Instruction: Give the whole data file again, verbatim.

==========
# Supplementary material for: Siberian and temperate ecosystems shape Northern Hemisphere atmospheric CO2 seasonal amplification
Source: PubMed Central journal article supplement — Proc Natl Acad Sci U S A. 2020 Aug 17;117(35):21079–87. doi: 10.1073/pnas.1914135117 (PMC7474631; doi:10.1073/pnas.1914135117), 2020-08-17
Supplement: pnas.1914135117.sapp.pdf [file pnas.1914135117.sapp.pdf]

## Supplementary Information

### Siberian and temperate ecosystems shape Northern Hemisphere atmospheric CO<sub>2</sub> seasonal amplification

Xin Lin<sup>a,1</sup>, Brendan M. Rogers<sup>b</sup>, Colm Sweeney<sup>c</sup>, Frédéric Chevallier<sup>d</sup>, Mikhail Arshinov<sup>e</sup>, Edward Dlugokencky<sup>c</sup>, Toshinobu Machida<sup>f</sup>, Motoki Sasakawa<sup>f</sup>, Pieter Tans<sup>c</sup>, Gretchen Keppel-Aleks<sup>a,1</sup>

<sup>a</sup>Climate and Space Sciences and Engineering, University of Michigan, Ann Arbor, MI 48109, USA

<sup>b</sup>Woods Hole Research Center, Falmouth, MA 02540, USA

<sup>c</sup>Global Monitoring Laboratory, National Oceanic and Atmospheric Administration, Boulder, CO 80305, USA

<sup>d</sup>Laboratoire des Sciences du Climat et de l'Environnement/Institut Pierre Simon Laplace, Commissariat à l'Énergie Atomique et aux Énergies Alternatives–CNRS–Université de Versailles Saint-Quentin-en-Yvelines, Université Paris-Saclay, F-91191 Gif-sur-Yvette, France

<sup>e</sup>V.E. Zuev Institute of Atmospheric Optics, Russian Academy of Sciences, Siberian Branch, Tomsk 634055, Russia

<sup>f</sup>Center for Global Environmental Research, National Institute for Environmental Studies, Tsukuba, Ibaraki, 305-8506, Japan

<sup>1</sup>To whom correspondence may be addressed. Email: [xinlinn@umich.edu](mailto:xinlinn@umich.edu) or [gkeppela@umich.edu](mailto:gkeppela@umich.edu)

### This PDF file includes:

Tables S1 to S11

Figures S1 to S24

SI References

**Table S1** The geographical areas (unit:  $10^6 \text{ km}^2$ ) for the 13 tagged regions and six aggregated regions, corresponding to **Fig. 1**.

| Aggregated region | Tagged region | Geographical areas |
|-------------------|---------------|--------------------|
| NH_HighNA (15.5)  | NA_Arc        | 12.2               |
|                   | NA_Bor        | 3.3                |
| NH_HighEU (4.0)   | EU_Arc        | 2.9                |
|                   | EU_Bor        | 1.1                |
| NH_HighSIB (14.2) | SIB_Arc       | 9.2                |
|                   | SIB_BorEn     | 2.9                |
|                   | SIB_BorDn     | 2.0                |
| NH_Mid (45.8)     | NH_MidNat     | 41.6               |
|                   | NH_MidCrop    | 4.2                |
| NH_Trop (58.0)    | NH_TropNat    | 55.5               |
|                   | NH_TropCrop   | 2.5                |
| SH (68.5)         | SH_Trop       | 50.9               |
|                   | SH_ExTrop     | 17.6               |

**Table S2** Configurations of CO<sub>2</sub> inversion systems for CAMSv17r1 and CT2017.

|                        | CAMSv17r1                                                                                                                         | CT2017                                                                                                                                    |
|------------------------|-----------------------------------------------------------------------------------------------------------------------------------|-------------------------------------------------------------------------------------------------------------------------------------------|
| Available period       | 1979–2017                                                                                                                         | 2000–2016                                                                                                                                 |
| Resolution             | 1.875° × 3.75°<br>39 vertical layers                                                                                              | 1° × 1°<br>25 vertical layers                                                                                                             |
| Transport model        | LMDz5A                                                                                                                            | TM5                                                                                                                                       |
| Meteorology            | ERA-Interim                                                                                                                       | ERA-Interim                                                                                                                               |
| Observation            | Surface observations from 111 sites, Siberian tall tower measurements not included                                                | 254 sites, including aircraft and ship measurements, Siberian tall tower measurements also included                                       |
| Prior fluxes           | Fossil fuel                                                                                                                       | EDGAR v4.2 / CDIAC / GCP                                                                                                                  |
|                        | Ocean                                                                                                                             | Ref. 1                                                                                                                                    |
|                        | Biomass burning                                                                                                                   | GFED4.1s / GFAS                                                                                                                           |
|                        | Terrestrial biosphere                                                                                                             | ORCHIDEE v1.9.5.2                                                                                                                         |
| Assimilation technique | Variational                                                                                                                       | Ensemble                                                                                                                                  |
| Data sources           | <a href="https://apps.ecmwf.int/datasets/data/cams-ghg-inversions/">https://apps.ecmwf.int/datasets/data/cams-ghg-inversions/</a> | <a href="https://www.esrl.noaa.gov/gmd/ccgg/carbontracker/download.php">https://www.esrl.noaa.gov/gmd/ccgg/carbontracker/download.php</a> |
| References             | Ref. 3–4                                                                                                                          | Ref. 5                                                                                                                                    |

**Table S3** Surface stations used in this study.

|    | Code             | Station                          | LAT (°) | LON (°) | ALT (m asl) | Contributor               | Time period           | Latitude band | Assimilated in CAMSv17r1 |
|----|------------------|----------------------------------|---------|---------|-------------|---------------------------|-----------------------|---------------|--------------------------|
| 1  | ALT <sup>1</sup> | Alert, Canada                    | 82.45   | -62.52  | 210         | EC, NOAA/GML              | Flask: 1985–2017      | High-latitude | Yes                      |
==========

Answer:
# Supplementary material for: Siberian and temperate ecosystems shape Northern Hemisphere atmospheric CO2 seasonal amplification
Source: PubMed Central journal article supplement — Proc Natl Acad Sci U S A. 2020 Aug 17;117(35):21079–87. doi: 10.1073/pnas.1914135117 (PMC7474631; doi:10.1073/pnas.1914135117), 2020-08-17
Supplement: pnas.1914135117.sapp.pdf [file pnas.1914135117.sapp.pdf]

## Supplementary Information

### Siberian and temperate ecosystems shape Northern Hemisphere atmospheric CO<sub>2</sub> seasonal amplification

Xin Lin<sup>a,1</sup>, Brendan M. Rogers<sup>b</sup>, Colm Sweeney<sup>c</sup>, Frédéric Chevallier<sup>d</sup>, Mikhail Arshinov<sup>e</sup>, Edward Dlugokencky<sup>c</sup>, Toshinobu Machida<sup>f</sup>, Motoki Sasakawa<sup>f</sup>, Pieter Tans<sup>c</sup>, Gretchen Keppel-Aleks<sup>a,1</sup>

<sup>a</sup>Climate and Space Sciences and Engineering, University of Michigan, Ann Arbor, MI 48109, USA

<sup>b</sup>Woods Hole Research Center, Falmouth, MA 02540, USA

<sup>c</sup>Global Monitoring Laboratory, National Oceanic and Atmospheric Administration, Boulder, CO 80305, USA

<sup>d</sup>Laboratoire des Sciences du Climat et de l'Environnement/Institut Pierre Simon Laplace, Commissariat à l'Énergie Atomique et aux Énergies Alternatives–CNRS–Université de Versailles Saint-Quentin-en-Yvelines, Université Paris-Saclay, F-91191 Gif-sur-Yvette, France

<sup>e</sup>V.E. Zuev Institute of Atmospheric Optics, Russian Academy of Sciences, Siberian Branch, Tomsk 634055, Russia

<sup>f</sup>Center for Global Environmental Research, National Institute for Environmental Studies, Tsukuba, Ibaraki, 305-8506, Japan

<sup>1</sup>To whom correspondence may be addressed. Email: [xinlinn@umich.edu](mailto:xinlinn@umich.edu) or [gkeppela@umich.edu](mailto:gkeppela@umich.edu)

### This PDF file includes:

Tables S1 to S11

Figures S1 to S24

SI References

**Table S1** The geographical areas (unit:  $10^6 \text{ km}^2$ ) for the 13 tagged regions and six aggregated regions, corresponding to **Fig. 1**.

| Aggregated region | Tagged region | Geographical areas |
|-------------------|---------------|--------------------|
| NH_HighNA (15.5)  | NA_Arc        | 12.2               |
|                   | NA_Bor        | 3.3                |
| NH_HighEU (4.0)   | EU_Arc        | 2.9                |
|                   | EU_Bor        | 1.1                |
| NH_HighSIB (14.2) | SIB_Arc       | 9.2                |
|                   | SIB_BorEn     | 2.9                |
|                   | SIB_BorDn     | 2.0                |
| NH_Mid (45.8)     | NH_MidNat     | 41.6               |
|                   | NH_MidCrop    | 4.2                |
| NH_Trop (58.0)    | NH_TropNat    | 55.5               |
|                   | NH_TropCrop   | 2.5                |
| SH (68.5)         | SH_Trop       | 50.9               |
|                   | SH_ExTrop     | 17.6               |

**Table S2** Configurations of CO<sub>2</sub> inversion systems for CAMSv17r1 and CT2017.

|                        | CAMSv17r1                                                                                                                         | CT2017                                                                                                                                    |
|------------------------|-----------------------------------------------------------------------------------------------------------------------------------|-------------------------------------------------------------------------------------------------------------------------------------------|
| Available period       | 1979–2017                                                                                                                         | 2000–2016                                                                                                                                 |
| Resolution             | 1.875° × 3.75°<br>39 vertical layers                                                                                              | 1° × 1°<br>25 vertical layers                                                                                                             |
| Transport model        | LMDz5A                                                                                                                            | TM5                                                                                                                                       |
| Meteorology            | ERA-Interim                                                                                                                       | ERA-Interim                                                                                                                               |
| Observation            | Surface observations from 111 sites, Siberian tall tower measurements not included                                                | 254 sites, including aircraft and ship measurements, Siberian tall tower measurements also included                                       |
| Prior fluxes           | Fossil fuel                                                                                                                       | EDGAR v4.2 / CDIAC / GCP                                                                                                                  |
|                        | Ocean                                                                                                                             | Ref. 1                                                                                                                                    |
|                        | Biomass burning                                                                                                                   | GFED4.1s / GFAS                                                                                                                           |
|                        | Terrestrial biosphere                                                                                                             | ORCHIDEE v1.9.5.2                                                                                                                         |
| Assimilation technique | Variational                                                                                                                       | Ensemble                                                                                                                                  |
| Data sources           | <a href="https://apps.ecmwf.int/datasets/data/cams-ghg-inversions/">https://apps.ecmwf.int/datasets/data/cams-ghg-inversions/</a> | <a href="https://www.esrl.noaa.gov/gmd/ccgg/carbontracker/download.php">https://www.esrl.noaa.gov/gmd/ccgg/carbontracker/download.php</a> |
| References             | Ref. 3–4                                                                                                                          | Ref. 5                                                                                                                                    |

**Table S3** Surface stations used in this study.

|    | Code             | Station                          | LAT (°) | LON (°) | ALT (m asl) | Contributor               | Time period           | Latitude band | Assimilated in CAMSv17r1 |
|----|------------------|----------------------------------|---------|---------|-------------|---------------------------|-----------------------|---------------|--------------------------|
| 1  | ALT <sup>1</sup> | Alert, Canada                    | 82.45   | -62.52  | 210         | EC, NOAA/GML              | Flask: 1985–2017      | High-latitude | Yes                      |